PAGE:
||Yes, the environmental crazies (and their buddies in the media and congress) are trying for one last gasp before the Trump administration takes office and tries to bring some sanity back to government. In this case it is the continued un-scientific controversy about fracking.
This started out In 2009, when a handful of Dimock, Pennsylvania, homeowners sued a Houston-based company alleging their drinking water was tainted by fracking. This complaint and others like it from across the country prompted a five-year, $29 million Environmental Protection Agency study. The result was a draft report released in June 2015 which stated, “did not find evidence that these mechanisms have led to widespread, systemic impacts on drinking water resources in the United States.”
Needless to say, the oil and gas industry was relieved, since fracking currently accounts for half of the nation’s crude oil production and two-thirds of the natural gas production.
So it was strange that between last year and last week the EPA changed its story line.
In its final report released last week, “Hydraulic Fracturing for Oil and Gas: Impacts from the Hydraulic Fracturing Water Cycle on Drinking Water Resources in the United States,” the EPA now says that fracking can affect drinking water resources “under some circumstances.”
Of course, it cited no cases where contamination was confirmed. Instead, the EPA determined that there is a scarcity of data on which to base this conclusion, and in the instances where data is available, there are too many uncertainties to conclude anything with confidence. What?
“Because of the significant data gaps and uncertainties in the available data, it was not possible to fully characterize the severity of impacts, nor was it possible to calculate or estimate the national frequency of impacts on drinking water resources from activities in the hydraulic fracturing water cycle,” the study says. “We were, however, able to estimate impact frequencies in some, limited cases (i.e., spills of hydraulic fracturing fluids or produced water and mechanical integrity failures).”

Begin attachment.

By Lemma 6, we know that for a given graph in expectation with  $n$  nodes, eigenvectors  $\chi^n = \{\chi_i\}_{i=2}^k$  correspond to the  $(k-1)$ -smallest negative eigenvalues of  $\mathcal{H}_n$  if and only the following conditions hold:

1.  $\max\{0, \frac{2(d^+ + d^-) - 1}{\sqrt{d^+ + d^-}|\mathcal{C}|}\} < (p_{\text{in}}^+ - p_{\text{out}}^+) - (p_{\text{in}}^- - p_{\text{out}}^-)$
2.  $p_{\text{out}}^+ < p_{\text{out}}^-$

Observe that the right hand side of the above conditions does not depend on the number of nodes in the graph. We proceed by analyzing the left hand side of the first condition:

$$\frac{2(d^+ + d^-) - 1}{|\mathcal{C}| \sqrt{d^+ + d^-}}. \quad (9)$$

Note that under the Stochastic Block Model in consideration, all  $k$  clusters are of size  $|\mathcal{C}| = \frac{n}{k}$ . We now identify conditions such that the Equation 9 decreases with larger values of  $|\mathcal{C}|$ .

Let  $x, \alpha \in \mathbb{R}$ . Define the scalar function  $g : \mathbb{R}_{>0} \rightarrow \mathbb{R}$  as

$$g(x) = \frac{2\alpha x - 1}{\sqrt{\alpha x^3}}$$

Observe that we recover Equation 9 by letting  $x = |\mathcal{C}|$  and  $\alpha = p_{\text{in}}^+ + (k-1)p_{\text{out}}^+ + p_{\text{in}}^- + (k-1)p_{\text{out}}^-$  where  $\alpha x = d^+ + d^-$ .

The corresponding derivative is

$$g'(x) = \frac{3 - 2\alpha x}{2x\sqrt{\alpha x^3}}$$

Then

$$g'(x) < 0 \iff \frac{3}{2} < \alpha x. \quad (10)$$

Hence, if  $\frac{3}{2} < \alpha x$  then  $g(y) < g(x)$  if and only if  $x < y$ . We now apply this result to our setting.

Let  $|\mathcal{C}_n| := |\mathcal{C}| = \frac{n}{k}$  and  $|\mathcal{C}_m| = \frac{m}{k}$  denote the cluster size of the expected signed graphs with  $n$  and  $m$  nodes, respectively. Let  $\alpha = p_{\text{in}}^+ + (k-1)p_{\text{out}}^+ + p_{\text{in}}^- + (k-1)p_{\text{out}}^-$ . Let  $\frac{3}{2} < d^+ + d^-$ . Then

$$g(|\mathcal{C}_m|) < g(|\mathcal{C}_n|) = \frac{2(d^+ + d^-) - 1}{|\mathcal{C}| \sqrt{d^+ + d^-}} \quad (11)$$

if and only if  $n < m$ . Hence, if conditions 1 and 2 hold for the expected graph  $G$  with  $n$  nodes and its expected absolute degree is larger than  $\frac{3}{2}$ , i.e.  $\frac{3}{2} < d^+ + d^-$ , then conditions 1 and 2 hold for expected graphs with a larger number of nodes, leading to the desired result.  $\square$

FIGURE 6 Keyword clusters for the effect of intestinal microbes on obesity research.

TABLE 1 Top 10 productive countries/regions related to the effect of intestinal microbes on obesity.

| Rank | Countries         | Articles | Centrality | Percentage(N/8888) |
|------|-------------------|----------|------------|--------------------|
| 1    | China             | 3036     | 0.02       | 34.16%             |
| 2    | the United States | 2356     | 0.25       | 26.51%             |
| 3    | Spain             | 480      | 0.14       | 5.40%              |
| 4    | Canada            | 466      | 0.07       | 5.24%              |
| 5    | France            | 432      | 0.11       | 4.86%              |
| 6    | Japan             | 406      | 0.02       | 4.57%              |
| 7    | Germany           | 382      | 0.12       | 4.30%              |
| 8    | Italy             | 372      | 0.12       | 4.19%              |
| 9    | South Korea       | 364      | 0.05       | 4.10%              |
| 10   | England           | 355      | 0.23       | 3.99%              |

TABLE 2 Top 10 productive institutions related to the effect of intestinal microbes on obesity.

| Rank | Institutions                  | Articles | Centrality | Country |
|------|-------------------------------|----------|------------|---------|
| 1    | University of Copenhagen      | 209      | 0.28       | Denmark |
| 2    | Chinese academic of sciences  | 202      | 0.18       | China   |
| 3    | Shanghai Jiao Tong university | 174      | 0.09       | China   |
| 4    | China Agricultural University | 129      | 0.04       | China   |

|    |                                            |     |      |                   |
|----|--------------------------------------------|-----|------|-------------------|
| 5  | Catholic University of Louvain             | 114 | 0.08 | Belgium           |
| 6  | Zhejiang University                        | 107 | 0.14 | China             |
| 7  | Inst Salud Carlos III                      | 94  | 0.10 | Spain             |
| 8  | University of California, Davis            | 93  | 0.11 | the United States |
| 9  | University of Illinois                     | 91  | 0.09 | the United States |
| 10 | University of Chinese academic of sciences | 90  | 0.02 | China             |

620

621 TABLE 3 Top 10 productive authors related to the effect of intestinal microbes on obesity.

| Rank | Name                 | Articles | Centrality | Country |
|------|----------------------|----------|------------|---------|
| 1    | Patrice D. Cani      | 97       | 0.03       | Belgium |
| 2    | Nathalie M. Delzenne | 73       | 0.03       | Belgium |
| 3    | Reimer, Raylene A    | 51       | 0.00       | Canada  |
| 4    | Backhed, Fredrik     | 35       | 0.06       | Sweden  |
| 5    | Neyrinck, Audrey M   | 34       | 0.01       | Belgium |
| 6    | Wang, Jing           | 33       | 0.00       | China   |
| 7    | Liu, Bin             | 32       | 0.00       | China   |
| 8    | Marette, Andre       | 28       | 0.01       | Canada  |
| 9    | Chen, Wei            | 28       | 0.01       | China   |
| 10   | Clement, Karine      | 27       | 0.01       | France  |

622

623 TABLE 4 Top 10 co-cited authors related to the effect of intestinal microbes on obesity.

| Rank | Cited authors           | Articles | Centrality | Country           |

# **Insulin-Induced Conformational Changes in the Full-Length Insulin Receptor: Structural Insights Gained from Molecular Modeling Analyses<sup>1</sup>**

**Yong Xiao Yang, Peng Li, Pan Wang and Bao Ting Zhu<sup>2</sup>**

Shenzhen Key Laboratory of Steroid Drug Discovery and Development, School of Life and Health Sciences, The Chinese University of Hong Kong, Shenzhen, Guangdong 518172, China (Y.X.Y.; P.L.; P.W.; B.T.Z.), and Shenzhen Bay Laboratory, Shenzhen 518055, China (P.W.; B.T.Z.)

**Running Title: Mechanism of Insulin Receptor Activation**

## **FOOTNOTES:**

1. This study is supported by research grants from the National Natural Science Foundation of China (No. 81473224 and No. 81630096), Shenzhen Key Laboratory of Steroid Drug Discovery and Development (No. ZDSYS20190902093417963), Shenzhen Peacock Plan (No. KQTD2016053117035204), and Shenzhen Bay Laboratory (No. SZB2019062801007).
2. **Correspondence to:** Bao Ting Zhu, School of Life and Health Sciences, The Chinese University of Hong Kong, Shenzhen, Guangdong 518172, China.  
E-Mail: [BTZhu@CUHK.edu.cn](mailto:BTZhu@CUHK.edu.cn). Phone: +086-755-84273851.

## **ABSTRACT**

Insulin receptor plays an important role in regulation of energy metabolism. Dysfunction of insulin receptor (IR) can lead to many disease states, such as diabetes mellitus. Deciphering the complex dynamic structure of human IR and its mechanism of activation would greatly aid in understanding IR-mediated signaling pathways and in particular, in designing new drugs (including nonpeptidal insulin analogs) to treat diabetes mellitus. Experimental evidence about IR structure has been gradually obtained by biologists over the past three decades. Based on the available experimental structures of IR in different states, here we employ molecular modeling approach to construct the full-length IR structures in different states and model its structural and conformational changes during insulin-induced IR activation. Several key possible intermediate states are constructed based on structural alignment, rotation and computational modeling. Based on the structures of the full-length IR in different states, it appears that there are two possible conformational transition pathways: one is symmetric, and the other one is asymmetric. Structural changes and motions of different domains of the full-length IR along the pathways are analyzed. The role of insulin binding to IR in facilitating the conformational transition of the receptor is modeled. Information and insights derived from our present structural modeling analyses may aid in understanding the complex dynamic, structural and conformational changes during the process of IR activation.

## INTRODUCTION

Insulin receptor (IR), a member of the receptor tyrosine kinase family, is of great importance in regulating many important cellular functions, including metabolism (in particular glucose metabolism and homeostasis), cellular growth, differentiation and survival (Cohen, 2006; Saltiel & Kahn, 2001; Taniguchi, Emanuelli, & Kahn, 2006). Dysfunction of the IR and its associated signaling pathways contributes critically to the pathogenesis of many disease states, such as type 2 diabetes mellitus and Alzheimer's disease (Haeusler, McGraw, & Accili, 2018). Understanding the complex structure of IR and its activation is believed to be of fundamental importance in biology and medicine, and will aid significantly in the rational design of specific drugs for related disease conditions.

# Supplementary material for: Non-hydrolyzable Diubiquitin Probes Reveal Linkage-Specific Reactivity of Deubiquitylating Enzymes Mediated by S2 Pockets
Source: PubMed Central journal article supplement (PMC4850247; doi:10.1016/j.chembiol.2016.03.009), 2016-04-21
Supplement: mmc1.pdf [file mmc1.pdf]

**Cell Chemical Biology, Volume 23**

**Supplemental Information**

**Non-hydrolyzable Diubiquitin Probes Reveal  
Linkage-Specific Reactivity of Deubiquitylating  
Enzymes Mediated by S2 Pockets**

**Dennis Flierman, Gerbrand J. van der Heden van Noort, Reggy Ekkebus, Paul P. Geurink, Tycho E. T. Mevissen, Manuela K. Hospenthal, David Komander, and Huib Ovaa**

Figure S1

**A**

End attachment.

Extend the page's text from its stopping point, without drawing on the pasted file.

On that thin possibility, environmentalists are claiming victory. Really?
Science had nothing to do with the change in terminology, according to Jeff Stier, senior fellow at the National Center for Public Policy Research, but politics did.
“The EPA already said in its draft report that there was no systemic effect on the water supplies from fracking. Nothing in the underlying science of the report was changed, it’s simply a change in their framing of it,” Stier said. “There’s been a concerted political campaign to apply pressure to the EPA. Certainly the report as it was written in draft form would have taken away any leg that activists had to stand on.”
Specifically, Stier says, certain members of Congress, environmental activists, and the EPA’s independent researchers pushed for the terminology flip-flop.
The draft report, and its fracking-favorable findings, remained status quo for more than a year.